Chapter 10: Review of Geology of a Giant Carbonate Bitumen Reservoir, Grosmont Formation, Saleski, Alberta
Published:January 01, 2010
Kent R. Barrett, J. C. Hopkins, 2010. "Review of Geology of a Giant Carbonate Bitumen Reservoir, Grosmont Formation, Saleski, Alberta", Heavy Oils: Reservoir Characterization and Production Monitoring, Satinder Chopra, Laurence R. Lines, Douglas R. Schmitt, Michael L. Batzle
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The Grosmont Formation is an Upper Devonian carbonate succession that is present in northeastern Alberta. It contains 318 billion barrels of bitumen on the basis of Alberta government estimates (Alberta Energy Resources Conservation Board, 1996). Figure 1 is a map of the interpreted bitumen resource on the basis of Energy Resources Conservation Board mapping. This map also shows the location of Laricina Energy’s Saleski land block in the heart of the bitumen accumulation. During the winters of 2006–2007 and 2007–2008, Laricina Energy drilled 21 vertical wells for the purposes of bitumen resource delineation. In addition, one horizontal well was drilled as part of a proposed steam-assisted gravity drainage (SAGD) pilot.
The Grosmont Formation is a 120-m thick carbonate succession that is sandwiched between shales of the Upper and Lower Ireton Formation within the Woodbend Group. It has been subdivided chronologically into the A, B, C, and D units. These subdivisions correspond to Cutler’s (1983) units LG, G1, G2, and G3, respectively. The lowermost three units were deposited during shallowing-upward depositional cycles. The uppermost unit, the Grosmont D, is an aggradational depositional unit. Grosmont strata dip gently to the southwest. The Grosmont has been bevelled by erosion in an easterly direction.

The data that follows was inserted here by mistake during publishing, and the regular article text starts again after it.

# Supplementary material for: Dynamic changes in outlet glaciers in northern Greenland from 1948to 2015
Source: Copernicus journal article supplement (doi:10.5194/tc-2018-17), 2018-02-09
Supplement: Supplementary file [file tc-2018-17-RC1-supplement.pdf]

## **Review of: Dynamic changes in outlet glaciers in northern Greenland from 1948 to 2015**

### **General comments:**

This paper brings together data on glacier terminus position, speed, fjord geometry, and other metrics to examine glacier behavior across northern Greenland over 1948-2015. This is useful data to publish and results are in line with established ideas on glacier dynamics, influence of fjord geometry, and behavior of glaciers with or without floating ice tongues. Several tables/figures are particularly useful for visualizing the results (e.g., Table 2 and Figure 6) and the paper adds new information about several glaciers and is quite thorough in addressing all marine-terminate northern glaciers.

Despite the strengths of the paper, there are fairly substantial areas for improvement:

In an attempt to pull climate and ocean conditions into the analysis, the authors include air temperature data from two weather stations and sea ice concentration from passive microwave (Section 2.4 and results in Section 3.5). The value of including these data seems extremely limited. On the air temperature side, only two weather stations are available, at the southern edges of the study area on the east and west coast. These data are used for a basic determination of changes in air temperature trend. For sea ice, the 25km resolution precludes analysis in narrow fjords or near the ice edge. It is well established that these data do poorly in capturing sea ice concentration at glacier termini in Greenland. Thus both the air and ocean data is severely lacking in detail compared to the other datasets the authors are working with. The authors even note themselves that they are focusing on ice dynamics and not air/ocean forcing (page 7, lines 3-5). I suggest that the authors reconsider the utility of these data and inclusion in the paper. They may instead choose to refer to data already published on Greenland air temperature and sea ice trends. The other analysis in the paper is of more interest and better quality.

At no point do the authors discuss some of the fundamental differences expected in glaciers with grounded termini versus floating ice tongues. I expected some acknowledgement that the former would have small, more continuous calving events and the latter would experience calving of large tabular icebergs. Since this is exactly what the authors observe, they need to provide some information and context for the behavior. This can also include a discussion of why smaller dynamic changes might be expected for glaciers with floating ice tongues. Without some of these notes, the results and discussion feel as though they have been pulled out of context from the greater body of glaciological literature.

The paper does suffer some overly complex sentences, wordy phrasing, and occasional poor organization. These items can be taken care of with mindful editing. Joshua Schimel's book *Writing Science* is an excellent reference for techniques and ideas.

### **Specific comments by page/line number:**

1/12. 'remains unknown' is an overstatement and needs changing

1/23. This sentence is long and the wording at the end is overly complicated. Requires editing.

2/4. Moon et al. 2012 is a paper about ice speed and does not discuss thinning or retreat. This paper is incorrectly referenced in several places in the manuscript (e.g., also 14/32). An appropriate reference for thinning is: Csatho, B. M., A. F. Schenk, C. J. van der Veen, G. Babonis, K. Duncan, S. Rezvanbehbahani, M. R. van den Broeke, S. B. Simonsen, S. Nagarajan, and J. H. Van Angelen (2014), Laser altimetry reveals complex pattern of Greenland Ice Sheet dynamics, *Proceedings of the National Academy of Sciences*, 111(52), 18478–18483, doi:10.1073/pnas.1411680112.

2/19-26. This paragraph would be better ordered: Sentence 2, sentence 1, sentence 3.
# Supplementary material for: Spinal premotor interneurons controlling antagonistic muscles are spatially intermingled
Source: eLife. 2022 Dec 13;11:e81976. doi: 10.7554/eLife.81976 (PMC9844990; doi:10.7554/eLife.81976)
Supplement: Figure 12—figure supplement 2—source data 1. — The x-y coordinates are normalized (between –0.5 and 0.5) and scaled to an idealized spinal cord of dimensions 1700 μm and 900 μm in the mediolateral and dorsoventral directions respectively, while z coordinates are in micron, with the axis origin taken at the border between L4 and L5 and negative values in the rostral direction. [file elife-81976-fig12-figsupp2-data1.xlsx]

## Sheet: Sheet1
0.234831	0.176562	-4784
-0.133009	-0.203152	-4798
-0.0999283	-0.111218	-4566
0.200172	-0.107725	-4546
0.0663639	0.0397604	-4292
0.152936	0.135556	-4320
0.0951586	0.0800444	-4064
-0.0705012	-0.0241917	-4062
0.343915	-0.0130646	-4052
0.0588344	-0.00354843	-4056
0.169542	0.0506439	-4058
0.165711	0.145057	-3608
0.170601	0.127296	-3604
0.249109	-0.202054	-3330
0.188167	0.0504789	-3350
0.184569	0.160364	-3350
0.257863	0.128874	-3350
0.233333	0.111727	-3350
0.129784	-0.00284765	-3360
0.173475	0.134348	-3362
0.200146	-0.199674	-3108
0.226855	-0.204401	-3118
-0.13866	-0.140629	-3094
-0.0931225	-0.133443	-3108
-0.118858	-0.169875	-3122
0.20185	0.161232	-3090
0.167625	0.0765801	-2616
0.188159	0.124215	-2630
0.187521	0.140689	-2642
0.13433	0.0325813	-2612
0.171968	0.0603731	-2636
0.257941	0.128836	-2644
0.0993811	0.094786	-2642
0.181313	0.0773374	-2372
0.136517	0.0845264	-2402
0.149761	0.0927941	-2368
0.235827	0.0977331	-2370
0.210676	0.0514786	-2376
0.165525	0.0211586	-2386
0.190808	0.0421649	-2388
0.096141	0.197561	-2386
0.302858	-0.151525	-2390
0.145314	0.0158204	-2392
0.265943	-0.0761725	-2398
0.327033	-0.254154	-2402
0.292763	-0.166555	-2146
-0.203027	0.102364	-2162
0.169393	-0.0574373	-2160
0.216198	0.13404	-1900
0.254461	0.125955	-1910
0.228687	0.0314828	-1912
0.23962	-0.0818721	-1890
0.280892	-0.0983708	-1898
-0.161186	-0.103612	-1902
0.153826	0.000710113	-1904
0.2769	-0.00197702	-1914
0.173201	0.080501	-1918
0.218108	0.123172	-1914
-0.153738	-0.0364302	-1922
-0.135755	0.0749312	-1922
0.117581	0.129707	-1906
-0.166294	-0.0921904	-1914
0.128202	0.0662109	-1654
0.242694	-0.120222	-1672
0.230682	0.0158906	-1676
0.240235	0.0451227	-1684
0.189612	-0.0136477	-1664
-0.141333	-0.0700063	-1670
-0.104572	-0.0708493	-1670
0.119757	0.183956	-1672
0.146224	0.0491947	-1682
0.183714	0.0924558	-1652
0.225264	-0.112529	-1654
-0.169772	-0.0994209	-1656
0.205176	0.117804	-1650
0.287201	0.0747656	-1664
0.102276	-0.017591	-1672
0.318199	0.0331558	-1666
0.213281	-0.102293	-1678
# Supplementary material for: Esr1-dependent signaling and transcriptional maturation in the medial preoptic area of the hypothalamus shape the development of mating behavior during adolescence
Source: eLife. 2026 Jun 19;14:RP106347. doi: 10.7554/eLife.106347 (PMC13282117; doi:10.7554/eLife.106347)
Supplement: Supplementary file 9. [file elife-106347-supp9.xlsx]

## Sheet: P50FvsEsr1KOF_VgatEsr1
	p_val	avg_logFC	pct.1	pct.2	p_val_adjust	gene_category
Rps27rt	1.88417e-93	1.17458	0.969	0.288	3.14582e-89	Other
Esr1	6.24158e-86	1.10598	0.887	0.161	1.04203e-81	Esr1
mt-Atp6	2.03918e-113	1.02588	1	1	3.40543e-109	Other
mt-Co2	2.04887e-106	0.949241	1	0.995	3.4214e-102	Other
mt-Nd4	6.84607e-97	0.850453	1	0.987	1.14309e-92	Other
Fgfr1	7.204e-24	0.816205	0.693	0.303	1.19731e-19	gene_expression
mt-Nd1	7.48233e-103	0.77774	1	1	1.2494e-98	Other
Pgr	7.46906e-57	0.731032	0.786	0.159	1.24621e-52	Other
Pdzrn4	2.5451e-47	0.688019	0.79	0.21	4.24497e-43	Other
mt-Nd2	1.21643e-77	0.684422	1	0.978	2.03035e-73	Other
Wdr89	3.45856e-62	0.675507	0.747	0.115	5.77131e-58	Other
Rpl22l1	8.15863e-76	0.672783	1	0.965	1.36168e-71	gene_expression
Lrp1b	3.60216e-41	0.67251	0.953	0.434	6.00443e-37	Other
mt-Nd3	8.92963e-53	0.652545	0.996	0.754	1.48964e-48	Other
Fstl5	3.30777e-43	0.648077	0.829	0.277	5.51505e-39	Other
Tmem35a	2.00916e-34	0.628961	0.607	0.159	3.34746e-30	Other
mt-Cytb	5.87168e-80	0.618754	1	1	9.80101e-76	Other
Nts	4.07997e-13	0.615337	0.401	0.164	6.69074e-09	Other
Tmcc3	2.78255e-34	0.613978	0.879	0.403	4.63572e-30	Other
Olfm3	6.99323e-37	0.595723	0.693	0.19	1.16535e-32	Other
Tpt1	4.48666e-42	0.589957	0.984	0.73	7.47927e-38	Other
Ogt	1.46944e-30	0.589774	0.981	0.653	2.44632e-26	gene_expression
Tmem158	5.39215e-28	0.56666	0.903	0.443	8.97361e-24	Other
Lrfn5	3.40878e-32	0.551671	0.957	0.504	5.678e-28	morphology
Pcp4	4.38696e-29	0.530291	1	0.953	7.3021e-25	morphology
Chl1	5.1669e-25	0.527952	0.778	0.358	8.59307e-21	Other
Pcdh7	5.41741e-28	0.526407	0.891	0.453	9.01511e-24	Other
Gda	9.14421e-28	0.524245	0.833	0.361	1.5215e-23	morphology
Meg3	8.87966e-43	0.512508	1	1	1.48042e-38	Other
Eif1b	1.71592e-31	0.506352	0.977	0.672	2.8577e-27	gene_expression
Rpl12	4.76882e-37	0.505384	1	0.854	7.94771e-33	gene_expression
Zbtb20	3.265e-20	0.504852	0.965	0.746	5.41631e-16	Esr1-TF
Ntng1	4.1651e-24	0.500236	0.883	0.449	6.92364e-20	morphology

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Heavy Oils: Reservoir Characterization and Production Monitoring
Heavy oil is an important global resource with reserves comparable to those of conventional oil. As conventional resources get thinner, attention is being focused on heavy oil and bitumen, which hold the promise of becoming useful fuels. Already more than 1 million barrels of oil are being produced from the oil sands in Canada; heavy oil represents half of California’s crude oil production in the United States and is a major production in Mexico. With demand for global energy soaring, heavy oil will undoubtedly be an important resource to be exploited in a big way in the near future.
The SEG Development and Production Committee held its Heavy Oil Forum in Edmonton, Alberta, in July 2007. This was a joint research forum cosponsored by the Canadian Society of Exploration Geophysicists (CSEG) and SEG and hosted by the University of Alberta. Preceding the forum, a field trip took the participants to the vast Athabasca Oil Sands region where they observed the outcrops, open pit mining, and steam injection operations, followed by a tour of the steam-assisted gravity drainage projects. Topics of the well-attended forum included the definition of heavy oil; where is heavy oil found; how it is produced; heavy-oil reservoir characterization; fluid and rock properties; electrical, tilt, and gravity techniques; borehole, surface seismic measurements; and microseismicity.